On 07 Dec 2008, at 06:19, Abram Demski wrote:

> Bruno,
> Yes, I think there is a big difference between making an argument more
> detailed and making it more understandable. They can go together or be
> opposed. So a version of the argument targeted at my complaint might
> not be good at all pedagogically...
>> I would be pleased if you can give me a version of MAT or MEC to  
>> which
>> the argument does not apply. For example, the argument applies to  
>> most
>> transfinite variant of MEC. It does not apply when some "magic" is
>> introduced in MAT, and MAT is hard to define in a way to exclude that
>> magic. If you can help, I thank you in advance.
> My particular brand of "magic" appears to be a requirement of
> counterfactual/causal structure that reflects the
> counterfactual/causal structure of (abstract) computation.

Sometimes I think I should first explain what a "computation" is. I  
take it in the sense of theoretical computer science, a computation is  
always define relatively to a universal computation from outside, and  
an infinity of universal computations from inside. This asks for a bit  
of computer science. But there is not really "abstract computation",  
there are always relative computation (both with comp and Everett QM).  
They are always concrete relatively to the universal machine which  
execute them. The starting point in no important (for our fundamental  
concerns), you can take number with addition and multiplication, or  
lambda terms with abstraction and application.

> Stathis has
> pointed out some possible ways to show such ideas incoherent (which I
> am not completely skeptical of, despite my arguments).

I appreciate.

> Since this type
> of theory is the type that matches my personal intuition, MGA will
> feel empty to me until such alternatives are explicitly dealt a
> killing blow (after which the rest is obvious, since I intuitively
> feel the contradiction in versions of COMP+MAT that don't require
> counterfactuals).

Understanding UD(1...7) could perhaps help you to figure out what  
happens when we abandon the physical supervenience thesis, and embrace  
what remains, if keeping comp, that is the comp supervenience. It will  
explain how the physical laws have to emerge and why we believe (quasi- 
correctly) in brains.

> Of course, as you say, you'd be in a hard spot if you were required to
> deal with every various intuition that anybody had... but, for what
> it's worth, that is mine.

I respect your intuition and appreciate the kind attitude. My feeling  
is that if front of very hard problems we have to be open to the fact  
that we could be surprised and that truth could be counterintuitive.  
The incompleteness phenomena, from Godel and Lob, are surprising and  
counterintuitive, and in the empirical world the SWE, whatever  
interpretation we find more plausible, is always rather  
counterintuitive too.

I interpret the "self-referentially correct scientist M" by the logic  
of Godel's provability predicates beweisbar_M. But the intuitive  
knower, the first person, is modelled (or defined) by the Theatetus  
trick: the machine M knows p in case "beweisbar_M('p') and p".  
Although extensionally equivalent, their are intensionally different.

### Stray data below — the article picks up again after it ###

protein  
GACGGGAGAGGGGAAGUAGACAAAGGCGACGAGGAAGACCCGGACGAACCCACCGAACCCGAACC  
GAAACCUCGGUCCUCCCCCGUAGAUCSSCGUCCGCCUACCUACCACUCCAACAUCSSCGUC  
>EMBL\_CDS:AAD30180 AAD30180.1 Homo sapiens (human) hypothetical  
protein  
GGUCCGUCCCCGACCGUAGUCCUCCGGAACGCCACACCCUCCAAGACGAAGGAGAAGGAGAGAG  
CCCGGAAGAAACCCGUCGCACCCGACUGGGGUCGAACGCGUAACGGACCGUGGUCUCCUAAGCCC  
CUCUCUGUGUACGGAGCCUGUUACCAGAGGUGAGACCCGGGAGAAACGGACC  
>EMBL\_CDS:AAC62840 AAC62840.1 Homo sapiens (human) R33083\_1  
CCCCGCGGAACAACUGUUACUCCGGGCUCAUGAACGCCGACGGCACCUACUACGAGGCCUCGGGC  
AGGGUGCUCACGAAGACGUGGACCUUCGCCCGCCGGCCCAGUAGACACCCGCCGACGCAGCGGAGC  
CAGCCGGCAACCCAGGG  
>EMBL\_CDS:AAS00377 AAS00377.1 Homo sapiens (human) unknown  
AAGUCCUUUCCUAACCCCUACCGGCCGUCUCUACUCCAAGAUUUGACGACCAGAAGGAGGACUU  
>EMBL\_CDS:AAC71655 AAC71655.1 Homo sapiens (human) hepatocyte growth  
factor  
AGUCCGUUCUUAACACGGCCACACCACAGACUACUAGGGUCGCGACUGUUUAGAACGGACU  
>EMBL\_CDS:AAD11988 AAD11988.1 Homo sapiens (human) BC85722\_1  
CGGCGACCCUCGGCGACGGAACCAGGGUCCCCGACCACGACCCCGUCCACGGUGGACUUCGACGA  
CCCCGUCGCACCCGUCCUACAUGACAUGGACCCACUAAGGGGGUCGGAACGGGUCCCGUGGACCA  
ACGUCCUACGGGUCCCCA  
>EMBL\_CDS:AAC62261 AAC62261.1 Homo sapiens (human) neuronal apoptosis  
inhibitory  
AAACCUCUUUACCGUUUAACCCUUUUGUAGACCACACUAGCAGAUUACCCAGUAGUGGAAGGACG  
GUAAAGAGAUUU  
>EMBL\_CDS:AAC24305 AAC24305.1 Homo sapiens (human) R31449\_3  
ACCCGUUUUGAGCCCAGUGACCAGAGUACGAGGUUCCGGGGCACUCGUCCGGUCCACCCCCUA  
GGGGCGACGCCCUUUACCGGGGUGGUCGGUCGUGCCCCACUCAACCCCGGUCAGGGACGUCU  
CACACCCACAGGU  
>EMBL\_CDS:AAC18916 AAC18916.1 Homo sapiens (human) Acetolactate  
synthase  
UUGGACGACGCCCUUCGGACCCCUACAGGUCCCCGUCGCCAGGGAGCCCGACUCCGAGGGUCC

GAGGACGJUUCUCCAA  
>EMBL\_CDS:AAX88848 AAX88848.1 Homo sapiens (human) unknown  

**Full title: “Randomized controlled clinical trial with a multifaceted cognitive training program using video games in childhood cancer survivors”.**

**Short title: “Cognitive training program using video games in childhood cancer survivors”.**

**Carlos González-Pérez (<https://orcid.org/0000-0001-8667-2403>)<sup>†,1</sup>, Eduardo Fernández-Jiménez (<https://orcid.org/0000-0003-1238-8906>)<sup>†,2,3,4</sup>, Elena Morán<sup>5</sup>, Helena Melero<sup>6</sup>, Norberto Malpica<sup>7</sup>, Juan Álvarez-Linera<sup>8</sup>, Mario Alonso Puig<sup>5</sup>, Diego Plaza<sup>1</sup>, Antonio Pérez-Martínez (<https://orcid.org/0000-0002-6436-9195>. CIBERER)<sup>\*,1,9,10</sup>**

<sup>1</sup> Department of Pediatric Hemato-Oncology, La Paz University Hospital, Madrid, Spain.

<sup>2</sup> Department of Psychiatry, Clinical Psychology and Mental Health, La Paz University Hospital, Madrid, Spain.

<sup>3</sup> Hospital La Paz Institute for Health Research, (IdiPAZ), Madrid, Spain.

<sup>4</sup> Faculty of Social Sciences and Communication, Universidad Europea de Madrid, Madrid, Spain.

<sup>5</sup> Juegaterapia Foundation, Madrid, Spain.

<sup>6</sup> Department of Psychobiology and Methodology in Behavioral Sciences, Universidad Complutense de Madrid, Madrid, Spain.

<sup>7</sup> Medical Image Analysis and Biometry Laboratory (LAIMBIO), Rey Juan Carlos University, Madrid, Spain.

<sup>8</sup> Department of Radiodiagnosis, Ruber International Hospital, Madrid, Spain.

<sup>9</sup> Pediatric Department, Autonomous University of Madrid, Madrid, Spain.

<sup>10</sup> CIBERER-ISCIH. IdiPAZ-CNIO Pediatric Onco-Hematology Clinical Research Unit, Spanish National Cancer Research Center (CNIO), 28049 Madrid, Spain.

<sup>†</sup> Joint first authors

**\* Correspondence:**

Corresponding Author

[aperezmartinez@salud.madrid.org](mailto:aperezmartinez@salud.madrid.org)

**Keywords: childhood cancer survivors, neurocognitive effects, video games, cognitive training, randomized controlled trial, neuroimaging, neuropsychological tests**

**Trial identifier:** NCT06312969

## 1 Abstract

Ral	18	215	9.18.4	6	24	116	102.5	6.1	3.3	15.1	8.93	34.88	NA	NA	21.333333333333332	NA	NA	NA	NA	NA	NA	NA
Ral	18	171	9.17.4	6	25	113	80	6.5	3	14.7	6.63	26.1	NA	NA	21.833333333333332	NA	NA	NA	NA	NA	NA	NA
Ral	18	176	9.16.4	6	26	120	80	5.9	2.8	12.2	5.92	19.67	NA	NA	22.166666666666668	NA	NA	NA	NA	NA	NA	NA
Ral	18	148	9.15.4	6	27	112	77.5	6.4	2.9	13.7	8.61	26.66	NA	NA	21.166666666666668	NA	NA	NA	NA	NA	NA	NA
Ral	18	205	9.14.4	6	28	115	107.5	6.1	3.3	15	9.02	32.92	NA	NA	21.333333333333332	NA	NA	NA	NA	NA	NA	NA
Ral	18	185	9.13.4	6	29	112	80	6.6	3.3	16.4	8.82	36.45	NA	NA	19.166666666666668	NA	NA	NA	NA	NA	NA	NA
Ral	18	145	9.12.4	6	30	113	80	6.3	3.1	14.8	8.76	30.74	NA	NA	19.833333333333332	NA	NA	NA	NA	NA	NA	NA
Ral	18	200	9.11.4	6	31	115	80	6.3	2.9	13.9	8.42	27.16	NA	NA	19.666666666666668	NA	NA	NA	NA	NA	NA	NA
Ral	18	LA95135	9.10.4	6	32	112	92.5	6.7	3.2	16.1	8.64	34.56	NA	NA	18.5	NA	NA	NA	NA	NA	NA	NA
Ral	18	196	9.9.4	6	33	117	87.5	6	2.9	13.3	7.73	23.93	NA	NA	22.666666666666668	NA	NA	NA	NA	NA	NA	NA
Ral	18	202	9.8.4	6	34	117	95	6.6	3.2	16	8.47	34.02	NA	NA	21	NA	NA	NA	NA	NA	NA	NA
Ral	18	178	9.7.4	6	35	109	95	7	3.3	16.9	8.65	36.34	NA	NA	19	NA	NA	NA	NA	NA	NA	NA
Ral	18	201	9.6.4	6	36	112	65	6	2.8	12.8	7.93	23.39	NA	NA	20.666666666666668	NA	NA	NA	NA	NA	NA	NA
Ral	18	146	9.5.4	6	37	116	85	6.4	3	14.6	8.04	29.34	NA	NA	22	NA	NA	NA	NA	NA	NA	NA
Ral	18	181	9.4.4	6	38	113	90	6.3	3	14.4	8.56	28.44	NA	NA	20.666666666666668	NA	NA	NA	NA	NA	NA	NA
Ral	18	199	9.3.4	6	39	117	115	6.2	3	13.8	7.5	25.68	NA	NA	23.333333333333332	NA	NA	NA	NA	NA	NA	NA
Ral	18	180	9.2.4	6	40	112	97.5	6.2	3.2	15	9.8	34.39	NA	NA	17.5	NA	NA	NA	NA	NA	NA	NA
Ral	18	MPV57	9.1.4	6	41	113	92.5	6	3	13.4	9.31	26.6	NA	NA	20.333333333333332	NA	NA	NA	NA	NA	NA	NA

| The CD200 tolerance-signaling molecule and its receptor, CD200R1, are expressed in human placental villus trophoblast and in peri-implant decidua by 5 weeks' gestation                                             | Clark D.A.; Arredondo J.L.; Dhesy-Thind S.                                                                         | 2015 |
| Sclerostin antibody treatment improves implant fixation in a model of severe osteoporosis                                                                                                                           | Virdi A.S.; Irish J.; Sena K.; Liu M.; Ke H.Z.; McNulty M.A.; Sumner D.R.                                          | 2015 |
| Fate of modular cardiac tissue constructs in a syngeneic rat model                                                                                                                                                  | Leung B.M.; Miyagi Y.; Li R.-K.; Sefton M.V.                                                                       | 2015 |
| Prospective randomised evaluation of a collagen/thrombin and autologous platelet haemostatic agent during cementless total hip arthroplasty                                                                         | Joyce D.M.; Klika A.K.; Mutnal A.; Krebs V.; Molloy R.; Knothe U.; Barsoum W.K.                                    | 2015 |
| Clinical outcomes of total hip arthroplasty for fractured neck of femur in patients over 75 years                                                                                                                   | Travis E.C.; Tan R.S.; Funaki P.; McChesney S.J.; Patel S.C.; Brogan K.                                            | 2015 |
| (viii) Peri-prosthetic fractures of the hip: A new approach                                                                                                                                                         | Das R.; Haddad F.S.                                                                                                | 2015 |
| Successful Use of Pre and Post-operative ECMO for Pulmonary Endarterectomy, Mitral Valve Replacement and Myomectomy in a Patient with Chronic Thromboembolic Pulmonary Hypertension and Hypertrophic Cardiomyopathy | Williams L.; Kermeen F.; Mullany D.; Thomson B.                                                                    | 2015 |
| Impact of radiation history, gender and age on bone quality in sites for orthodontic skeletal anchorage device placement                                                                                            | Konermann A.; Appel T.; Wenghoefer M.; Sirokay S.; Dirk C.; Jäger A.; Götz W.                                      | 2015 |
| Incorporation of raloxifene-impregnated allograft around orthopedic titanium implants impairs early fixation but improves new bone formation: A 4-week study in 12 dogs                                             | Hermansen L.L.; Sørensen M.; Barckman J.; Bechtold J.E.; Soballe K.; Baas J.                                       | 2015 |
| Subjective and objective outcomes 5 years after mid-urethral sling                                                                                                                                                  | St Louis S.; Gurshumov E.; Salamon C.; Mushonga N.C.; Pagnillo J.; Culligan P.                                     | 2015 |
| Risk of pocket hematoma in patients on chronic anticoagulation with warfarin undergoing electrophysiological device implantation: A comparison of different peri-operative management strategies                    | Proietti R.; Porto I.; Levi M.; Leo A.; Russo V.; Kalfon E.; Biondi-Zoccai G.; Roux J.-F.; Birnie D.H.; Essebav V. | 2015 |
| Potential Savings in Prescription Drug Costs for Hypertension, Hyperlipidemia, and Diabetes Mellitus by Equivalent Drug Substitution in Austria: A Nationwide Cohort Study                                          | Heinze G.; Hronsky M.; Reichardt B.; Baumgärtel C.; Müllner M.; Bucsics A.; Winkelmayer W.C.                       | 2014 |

They prove the same arithmetical propositions, but they obey different  
logics. This is enough for showing that the first person associated  
with the self-referentially correct scientist will already disbelieve  
the comp hypothesis or find it very doubtful. We are near a paradox:  
the correct machine cannot know or believe their are machine. No doubt  
comp will appear counterintuitive for them. I know it is a sort of  
trap/ the solution consists in admitting that comp needs a strong act  
of faith, and I try to put light on the consequences for a machine,  
when she makes the bet.

The best reference on the self-reference logics are

Boolos, G. (1979). The unprovability of consistency. Cambridge  
University Press, London.
Boolos, G. (1993). The Logic of Provability. Cambridge University  
Press, Cambridge.
Smoryński, P. (1985). Self-Reference and Modal Logic. Springer Verlag,  
New York.
Smullyan, R. (1987). Forever Undecided. Knopf, New York.

The last one is a recreative book, not so simple, and rather quick in  
the "heart of the matter" chapter. Smullyan wrote many lovely  books,  
recreative and technical on that theme.

The bible, imo, is Martin Davis book "The undecidable" which contains  
some of the original papers by Gödel, Church, Kleene, Post and indeed  
the most key starting points of the parts of theoretical computer  
science we are confonted to. It has been reedited by Dover.


Other references here:

> --Abram
> On Sat, Dec 6, 2008 at 9:32 AM, Bruno Marchal <[EMAIL PROTECTED]>  
> wrote:
>> Le 05-déc.-08, à 22:11, Abram Demski a écrit :
>>> Bruno,
>>> Perhaps all I am saying is that you need to state more explicitly  
>>> the
>>> assumptions about the connection between 1st and 3rd person, in both
>>> MEC and MAT. Simply taking them to be the general ideas that you  
>>> take
>>> them to be does not obviously justify the argument.
>> I don't see why nor how. The first person notions are defined in the
>> three first steps of the UDA. Wait I come back on this in the
>> discussion with Kim perhaps. In AUDA I define the first person by the
>> "knower", and I use the classical definition proposed by Theaetetus  
>> in
>> the Theaetetus of Plato. Keep in mind that you arrived when I was
>> explaining the real last step of an already long argument.